That's why, in my mad-scientist creative opinion, the flapper valve would allow both to happen but would allow an improvement in "ram-effect" by sealing the hood-vent when positive pressure/dynamic pressure was present in the airbox. Did I completely botch that explanation?..it's late...

That's why I'd like the sensors...to see if the vent could be plugged or if it needs a one-way valve/flapper to allow the vent in the hood to be an inlet. If the third inlet shows a negative pressure at high load/rpm, then the flapper is needed...if not, then it can be closed. I'm not really concerned with the effects at anything under 50mph...I'd rather trade low-speed performance for high-speed (I do track my car) performance. But the flapper would accomplish both.

The only other consideraton is the cooling effect of the circulated/dumped air out of the hood...but I'mnot concerned wth that...the airbox will be cool at speed anyway.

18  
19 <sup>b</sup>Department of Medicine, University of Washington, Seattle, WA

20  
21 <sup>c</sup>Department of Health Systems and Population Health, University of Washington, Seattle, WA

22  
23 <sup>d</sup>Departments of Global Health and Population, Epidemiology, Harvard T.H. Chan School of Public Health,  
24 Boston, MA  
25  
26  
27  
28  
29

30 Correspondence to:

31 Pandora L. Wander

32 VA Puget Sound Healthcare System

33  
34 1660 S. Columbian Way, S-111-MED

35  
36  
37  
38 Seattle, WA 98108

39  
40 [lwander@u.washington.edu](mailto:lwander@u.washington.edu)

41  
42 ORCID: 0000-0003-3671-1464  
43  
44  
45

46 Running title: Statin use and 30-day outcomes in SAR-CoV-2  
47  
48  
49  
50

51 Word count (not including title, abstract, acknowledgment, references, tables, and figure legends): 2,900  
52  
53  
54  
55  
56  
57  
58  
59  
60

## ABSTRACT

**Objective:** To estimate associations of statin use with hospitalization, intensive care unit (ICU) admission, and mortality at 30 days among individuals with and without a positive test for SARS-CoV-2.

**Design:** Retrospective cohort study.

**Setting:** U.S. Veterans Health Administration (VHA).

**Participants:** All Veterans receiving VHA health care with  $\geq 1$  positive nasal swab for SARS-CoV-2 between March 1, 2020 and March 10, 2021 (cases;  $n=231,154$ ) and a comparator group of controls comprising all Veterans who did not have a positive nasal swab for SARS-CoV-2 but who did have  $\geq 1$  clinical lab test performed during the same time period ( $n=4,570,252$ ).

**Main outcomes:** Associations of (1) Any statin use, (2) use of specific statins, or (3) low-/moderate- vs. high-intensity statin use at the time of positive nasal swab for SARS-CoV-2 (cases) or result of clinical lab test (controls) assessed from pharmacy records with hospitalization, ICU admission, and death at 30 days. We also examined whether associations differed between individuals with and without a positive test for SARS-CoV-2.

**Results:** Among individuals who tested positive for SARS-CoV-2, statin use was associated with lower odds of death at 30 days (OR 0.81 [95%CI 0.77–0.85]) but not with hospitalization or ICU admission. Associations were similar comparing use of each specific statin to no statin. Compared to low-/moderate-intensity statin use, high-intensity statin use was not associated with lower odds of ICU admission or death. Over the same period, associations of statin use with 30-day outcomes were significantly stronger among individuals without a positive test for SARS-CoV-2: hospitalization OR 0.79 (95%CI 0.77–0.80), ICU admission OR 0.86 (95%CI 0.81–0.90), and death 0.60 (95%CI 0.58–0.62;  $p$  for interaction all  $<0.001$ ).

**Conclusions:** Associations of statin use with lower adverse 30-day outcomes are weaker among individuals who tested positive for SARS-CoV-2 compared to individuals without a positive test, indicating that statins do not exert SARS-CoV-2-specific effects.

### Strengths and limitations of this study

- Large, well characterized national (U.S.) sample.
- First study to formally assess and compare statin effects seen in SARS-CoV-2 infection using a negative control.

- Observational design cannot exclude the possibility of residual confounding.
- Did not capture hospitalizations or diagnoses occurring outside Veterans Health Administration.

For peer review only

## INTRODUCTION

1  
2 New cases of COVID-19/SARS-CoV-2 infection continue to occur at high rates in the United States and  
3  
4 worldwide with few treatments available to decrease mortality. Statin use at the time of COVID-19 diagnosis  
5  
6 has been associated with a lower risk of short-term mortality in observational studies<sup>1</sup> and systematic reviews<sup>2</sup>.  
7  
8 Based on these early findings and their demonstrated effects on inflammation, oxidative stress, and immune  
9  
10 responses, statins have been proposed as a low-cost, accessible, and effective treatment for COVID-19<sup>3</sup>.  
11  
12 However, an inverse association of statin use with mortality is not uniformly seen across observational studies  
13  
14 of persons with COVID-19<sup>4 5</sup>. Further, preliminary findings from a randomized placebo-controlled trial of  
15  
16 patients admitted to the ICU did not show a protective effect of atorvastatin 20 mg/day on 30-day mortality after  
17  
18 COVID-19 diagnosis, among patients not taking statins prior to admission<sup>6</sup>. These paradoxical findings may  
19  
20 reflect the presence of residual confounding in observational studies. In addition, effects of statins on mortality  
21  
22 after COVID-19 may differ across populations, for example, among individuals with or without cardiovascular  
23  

Thank you for the suggestion,
TomK
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      11-04-2008, 03:17 AM   #43
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Very nice stuff exdos. I am thrilled to see another pro-science, pro-experimentation, pro-do it yourselfer kind of fellow posting here on the forum. We need more like you!

The spikes you refer to (that you smooth over in some plots) are simply the drops in rpm during shifts, correct?

Just wanted to add that I think you might be missing something when referring to the 335 intake system as being similar to the M3. The M3 looks like this, which I have never seen anything quite like on a BMW.

Cheers and welcome to the forum.
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      11-04-2008, 07:36 AM   #44
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Ace996,

I see what you are saying but I doubt if your idea will really benefit performance.